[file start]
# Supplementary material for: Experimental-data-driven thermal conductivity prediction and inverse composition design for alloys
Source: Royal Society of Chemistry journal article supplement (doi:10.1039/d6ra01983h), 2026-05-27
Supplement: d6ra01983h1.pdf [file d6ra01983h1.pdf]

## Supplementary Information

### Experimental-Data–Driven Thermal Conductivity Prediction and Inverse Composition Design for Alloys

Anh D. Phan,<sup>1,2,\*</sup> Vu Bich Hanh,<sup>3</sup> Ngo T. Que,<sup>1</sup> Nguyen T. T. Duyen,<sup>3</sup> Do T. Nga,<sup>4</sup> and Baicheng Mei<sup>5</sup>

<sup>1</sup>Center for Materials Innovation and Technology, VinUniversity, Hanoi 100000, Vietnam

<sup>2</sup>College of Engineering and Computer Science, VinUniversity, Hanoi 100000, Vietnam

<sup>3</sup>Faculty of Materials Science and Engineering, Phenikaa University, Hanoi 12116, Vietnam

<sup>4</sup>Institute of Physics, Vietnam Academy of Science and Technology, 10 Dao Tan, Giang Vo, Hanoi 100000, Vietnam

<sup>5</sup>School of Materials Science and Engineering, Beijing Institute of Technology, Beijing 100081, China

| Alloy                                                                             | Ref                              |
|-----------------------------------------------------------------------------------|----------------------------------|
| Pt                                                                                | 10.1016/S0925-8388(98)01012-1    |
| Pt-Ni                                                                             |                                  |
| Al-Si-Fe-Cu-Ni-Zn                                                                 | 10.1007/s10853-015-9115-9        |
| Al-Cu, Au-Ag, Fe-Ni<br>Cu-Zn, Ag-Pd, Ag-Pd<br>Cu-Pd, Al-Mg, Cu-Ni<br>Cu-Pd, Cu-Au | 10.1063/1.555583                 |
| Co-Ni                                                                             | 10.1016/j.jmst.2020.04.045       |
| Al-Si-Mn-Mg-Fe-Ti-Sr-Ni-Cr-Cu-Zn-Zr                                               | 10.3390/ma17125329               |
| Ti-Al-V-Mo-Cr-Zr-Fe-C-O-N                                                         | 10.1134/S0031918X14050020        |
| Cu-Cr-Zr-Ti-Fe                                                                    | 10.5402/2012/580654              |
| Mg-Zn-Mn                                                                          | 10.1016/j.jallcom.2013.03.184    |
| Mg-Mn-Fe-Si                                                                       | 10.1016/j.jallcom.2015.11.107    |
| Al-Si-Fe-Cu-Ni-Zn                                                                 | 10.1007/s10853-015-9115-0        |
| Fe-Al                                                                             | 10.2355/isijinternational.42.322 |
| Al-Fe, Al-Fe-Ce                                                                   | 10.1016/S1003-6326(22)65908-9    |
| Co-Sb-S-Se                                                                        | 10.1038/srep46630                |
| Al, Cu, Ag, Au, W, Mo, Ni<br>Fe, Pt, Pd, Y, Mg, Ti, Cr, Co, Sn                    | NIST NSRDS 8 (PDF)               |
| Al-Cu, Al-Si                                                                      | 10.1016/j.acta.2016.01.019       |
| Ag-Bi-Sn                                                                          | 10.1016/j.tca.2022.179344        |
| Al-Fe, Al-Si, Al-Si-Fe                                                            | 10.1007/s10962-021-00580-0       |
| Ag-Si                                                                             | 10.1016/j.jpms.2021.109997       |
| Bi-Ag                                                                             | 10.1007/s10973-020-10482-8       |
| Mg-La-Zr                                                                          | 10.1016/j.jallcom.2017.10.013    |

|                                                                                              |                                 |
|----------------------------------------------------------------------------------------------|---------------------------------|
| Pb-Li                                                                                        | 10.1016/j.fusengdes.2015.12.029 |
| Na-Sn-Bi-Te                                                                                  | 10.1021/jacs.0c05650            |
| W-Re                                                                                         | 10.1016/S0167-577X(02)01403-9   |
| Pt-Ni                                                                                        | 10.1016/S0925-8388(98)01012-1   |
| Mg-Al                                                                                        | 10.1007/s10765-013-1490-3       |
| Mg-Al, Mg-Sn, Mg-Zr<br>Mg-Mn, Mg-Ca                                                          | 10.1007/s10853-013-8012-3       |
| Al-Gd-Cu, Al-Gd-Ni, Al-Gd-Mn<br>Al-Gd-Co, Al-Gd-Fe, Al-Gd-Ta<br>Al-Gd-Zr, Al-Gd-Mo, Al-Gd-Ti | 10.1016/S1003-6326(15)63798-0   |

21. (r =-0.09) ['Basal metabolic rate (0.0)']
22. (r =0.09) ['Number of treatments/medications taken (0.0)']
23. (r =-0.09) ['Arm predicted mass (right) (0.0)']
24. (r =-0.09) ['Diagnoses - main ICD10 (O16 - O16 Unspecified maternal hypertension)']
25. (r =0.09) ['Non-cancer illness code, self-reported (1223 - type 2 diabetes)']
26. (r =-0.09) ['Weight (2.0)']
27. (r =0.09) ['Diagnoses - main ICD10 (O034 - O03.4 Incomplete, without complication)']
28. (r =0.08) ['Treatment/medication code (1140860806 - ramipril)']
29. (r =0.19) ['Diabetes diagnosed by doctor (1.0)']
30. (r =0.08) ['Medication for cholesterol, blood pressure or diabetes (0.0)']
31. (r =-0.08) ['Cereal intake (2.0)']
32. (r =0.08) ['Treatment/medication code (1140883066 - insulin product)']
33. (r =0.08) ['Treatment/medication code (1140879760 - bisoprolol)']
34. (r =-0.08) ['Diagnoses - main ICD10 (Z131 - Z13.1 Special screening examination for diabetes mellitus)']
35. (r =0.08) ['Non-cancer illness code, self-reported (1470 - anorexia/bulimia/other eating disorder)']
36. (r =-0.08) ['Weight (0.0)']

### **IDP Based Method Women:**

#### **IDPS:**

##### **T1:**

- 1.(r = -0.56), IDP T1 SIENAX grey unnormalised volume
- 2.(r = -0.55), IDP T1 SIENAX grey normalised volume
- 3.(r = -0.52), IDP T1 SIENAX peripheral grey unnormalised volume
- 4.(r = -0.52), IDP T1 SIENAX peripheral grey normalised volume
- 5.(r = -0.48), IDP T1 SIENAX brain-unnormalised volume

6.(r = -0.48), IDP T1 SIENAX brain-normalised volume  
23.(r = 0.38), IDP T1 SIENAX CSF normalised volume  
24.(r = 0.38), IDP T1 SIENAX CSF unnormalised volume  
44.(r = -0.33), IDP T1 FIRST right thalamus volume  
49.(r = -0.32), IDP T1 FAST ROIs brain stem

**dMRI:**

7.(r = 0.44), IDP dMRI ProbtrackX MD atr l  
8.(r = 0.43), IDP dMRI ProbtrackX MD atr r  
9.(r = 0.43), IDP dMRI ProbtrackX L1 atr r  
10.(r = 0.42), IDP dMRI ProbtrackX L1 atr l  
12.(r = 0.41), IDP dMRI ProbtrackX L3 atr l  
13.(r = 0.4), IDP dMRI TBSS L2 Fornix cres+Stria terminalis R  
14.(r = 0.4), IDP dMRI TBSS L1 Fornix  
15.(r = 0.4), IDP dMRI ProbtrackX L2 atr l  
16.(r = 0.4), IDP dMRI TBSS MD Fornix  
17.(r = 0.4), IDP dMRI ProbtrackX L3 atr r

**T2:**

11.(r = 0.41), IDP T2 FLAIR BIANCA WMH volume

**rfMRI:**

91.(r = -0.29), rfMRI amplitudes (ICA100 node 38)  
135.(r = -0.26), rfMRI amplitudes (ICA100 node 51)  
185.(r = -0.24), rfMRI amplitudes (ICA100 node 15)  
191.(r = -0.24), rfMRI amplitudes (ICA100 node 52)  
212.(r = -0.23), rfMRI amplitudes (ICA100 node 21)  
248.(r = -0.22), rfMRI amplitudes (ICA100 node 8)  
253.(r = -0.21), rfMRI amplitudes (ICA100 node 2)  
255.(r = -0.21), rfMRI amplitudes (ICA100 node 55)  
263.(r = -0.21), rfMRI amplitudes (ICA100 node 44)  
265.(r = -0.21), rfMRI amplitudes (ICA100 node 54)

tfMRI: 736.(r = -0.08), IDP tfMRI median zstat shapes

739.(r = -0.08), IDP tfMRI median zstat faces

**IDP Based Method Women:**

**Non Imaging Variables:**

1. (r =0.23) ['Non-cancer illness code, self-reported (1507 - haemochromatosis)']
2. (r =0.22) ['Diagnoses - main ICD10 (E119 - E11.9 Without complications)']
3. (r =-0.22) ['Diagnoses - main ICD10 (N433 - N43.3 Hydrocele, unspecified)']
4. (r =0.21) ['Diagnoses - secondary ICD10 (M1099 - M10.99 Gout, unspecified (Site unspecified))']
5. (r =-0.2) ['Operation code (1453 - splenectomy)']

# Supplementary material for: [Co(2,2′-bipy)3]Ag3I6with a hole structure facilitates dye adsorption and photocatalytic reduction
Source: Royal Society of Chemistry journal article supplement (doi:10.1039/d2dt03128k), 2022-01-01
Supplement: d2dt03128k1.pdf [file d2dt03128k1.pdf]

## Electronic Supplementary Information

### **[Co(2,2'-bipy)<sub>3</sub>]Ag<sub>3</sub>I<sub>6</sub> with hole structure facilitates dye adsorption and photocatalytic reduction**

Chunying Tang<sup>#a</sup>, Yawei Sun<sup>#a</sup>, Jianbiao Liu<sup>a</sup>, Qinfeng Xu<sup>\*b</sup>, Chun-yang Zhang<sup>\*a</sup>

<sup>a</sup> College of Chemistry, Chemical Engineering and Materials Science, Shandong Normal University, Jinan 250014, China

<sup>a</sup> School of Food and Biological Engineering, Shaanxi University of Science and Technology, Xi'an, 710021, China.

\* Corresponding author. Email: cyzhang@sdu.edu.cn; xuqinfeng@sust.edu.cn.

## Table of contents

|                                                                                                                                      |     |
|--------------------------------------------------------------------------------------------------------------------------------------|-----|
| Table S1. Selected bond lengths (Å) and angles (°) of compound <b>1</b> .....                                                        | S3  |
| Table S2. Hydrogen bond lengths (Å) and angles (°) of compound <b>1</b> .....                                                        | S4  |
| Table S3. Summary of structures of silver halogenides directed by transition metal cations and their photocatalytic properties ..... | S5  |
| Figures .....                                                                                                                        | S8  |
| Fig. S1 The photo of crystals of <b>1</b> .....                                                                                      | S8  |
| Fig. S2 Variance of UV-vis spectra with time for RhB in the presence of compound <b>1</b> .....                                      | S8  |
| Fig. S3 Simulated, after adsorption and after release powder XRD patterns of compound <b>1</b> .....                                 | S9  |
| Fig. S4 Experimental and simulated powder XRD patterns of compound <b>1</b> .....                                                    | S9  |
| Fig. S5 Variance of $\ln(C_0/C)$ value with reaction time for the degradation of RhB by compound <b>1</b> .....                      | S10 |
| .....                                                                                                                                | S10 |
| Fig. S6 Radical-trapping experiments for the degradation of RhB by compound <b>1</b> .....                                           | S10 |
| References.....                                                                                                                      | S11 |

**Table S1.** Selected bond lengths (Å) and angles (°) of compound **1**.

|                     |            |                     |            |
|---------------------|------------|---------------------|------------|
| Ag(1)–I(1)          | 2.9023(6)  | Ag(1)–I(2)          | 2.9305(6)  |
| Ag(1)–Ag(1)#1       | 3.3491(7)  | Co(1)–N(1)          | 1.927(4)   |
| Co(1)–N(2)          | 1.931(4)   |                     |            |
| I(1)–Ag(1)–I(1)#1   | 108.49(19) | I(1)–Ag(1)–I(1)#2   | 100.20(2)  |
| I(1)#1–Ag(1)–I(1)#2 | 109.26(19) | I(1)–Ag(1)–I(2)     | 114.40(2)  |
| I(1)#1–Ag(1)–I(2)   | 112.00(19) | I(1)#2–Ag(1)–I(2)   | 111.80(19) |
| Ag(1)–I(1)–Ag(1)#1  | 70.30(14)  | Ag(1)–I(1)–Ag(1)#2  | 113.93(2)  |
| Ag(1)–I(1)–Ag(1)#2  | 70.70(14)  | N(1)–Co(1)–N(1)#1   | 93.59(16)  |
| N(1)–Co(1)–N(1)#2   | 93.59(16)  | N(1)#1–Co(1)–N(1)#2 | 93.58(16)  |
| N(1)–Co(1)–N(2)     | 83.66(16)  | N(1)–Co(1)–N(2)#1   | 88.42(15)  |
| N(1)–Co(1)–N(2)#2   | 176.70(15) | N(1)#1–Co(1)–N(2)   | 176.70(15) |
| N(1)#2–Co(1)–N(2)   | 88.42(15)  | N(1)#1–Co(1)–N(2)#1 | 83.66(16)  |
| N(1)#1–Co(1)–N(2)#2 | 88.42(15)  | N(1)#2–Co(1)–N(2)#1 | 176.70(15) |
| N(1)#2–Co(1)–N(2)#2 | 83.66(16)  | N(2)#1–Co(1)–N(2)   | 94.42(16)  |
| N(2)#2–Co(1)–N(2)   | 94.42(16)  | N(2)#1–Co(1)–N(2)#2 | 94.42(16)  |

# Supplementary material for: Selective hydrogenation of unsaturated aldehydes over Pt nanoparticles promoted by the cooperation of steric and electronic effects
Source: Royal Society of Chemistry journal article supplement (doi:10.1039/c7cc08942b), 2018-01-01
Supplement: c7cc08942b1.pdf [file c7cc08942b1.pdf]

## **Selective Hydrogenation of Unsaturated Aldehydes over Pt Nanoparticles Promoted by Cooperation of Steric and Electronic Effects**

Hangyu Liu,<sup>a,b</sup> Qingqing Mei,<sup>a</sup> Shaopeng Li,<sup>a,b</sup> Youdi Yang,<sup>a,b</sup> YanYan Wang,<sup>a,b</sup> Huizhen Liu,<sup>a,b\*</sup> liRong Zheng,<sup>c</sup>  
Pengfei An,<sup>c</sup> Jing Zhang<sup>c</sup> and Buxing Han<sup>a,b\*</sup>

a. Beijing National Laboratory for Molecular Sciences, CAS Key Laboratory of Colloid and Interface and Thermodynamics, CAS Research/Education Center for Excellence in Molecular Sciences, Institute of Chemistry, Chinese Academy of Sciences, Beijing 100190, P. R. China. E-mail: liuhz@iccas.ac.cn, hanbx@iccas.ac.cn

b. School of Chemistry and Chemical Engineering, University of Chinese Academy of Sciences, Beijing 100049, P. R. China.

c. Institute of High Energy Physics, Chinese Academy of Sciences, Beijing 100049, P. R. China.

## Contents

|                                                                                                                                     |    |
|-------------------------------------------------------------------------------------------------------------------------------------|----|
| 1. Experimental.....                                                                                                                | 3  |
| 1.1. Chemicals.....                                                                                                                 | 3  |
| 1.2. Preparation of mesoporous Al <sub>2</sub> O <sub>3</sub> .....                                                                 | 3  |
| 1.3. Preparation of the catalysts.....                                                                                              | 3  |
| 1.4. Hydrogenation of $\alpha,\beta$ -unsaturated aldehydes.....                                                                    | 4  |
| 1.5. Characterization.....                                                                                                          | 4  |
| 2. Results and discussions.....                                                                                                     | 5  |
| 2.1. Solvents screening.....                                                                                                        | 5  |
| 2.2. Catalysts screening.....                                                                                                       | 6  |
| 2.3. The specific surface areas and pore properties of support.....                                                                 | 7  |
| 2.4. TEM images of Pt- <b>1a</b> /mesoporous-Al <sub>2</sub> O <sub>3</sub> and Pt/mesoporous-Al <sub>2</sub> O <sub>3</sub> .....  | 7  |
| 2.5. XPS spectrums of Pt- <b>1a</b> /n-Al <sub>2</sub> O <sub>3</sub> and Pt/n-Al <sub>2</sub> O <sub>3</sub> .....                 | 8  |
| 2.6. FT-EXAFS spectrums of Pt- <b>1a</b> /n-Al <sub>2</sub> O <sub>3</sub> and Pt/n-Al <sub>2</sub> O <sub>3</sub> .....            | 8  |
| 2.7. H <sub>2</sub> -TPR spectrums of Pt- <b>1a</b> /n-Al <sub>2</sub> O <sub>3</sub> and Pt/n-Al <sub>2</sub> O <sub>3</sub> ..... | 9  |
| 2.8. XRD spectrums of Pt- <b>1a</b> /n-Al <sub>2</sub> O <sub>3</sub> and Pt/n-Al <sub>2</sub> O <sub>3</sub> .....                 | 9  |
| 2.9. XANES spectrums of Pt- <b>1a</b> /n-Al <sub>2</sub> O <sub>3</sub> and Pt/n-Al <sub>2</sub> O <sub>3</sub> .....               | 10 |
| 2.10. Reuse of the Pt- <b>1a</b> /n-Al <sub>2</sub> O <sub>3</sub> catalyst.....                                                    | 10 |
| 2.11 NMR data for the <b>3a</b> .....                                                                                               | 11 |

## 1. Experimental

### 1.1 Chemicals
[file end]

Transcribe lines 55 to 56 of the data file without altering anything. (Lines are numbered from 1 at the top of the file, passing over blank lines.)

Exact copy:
32. (r =0.08) ['Treatment/medication code (1140883066 - insulin product)']
33. (r =0.08) ['Treatment/medication code (1140879760 - bisoprolol)']